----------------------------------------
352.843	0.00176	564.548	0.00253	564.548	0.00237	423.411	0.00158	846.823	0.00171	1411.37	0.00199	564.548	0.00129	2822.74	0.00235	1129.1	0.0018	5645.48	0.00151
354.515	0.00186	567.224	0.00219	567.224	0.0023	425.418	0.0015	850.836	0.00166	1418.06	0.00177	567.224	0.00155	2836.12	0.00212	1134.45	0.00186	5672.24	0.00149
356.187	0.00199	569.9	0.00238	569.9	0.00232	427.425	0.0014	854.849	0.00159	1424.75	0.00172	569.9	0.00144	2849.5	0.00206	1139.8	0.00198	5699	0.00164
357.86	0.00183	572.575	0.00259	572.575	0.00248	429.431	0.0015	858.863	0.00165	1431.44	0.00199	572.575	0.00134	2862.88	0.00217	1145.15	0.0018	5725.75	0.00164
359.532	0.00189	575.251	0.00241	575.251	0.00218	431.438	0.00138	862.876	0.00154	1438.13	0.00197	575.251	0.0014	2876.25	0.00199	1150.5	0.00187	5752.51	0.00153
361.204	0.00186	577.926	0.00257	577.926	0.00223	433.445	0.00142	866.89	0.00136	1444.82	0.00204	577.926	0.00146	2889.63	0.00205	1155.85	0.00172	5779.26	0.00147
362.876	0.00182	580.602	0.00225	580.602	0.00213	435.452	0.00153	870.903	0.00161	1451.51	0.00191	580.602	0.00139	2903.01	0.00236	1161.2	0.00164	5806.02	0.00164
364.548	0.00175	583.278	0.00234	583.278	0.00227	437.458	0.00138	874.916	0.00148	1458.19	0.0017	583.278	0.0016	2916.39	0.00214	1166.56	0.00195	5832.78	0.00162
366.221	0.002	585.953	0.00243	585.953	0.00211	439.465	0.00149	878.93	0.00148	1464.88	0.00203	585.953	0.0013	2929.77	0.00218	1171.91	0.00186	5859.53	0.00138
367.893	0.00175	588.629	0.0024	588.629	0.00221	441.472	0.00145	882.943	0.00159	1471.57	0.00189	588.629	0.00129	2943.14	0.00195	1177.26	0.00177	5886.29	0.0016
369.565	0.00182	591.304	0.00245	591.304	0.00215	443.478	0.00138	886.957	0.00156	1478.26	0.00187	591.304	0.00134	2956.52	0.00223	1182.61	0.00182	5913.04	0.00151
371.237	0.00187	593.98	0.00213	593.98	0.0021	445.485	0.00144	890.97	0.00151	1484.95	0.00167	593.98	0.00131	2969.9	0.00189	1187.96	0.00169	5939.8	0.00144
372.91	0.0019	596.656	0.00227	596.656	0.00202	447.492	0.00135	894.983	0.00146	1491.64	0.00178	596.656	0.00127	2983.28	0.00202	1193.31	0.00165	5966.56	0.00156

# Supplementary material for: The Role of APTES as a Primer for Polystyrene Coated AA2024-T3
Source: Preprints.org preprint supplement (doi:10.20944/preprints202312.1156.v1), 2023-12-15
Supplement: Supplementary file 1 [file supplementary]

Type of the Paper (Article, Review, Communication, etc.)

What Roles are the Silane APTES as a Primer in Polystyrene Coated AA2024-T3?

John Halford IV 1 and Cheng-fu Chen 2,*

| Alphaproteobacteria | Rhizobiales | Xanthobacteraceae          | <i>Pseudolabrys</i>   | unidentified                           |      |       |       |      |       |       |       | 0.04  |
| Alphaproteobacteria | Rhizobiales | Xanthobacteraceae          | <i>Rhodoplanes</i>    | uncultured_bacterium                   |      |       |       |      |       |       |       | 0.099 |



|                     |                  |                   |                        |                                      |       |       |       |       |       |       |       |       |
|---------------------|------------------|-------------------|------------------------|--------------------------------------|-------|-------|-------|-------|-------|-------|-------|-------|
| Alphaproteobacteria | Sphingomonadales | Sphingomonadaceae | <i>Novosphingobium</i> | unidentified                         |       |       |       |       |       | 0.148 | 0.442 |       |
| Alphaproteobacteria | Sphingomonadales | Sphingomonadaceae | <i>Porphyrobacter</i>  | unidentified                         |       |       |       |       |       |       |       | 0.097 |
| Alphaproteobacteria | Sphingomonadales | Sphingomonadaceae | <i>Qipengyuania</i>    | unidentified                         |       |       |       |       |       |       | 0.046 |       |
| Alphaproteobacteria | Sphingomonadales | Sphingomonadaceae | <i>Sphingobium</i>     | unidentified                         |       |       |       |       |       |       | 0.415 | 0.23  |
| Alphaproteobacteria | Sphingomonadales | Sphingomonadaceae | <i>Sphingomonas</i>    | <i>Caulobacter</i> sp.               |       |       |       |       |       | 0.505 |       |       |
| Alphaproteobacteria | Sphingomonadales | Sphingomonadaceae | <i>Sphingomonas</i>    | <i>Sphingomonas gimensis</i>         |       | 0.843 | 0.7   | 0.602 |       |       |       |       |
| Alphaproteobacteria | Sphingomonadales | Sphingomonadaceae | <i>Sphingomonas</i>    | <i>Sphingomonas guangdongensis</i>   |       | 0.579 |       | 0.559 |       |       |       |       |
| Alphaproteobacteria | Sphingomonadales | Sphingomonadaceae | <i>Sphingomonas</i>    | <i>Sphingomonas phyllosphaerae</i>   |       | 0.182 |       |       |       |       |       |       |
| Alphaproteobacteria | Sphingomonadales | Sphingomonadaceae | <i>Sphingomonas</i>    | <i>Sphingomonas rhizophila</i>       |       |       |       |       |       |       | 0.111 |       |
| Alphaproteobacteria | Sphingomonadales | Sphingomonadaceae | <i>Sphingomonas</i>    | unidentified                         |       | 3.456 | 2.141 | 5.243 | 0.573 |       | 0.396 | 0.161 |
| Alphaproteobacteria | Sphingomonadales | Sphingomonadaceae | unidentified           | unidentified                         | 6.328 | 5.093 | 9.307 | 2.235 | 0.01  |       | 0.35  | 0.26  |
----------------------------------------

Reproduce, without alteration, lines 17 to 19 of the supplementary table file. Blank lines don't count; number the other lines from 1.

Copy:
Type of the Paper (Article, Review, Communication, etc.)

What Roles are the Silane APTES as a Primer in Polystyrene Coated AA2024-T3?

John Halford IV 1 and Cheng-fu Chen 2,*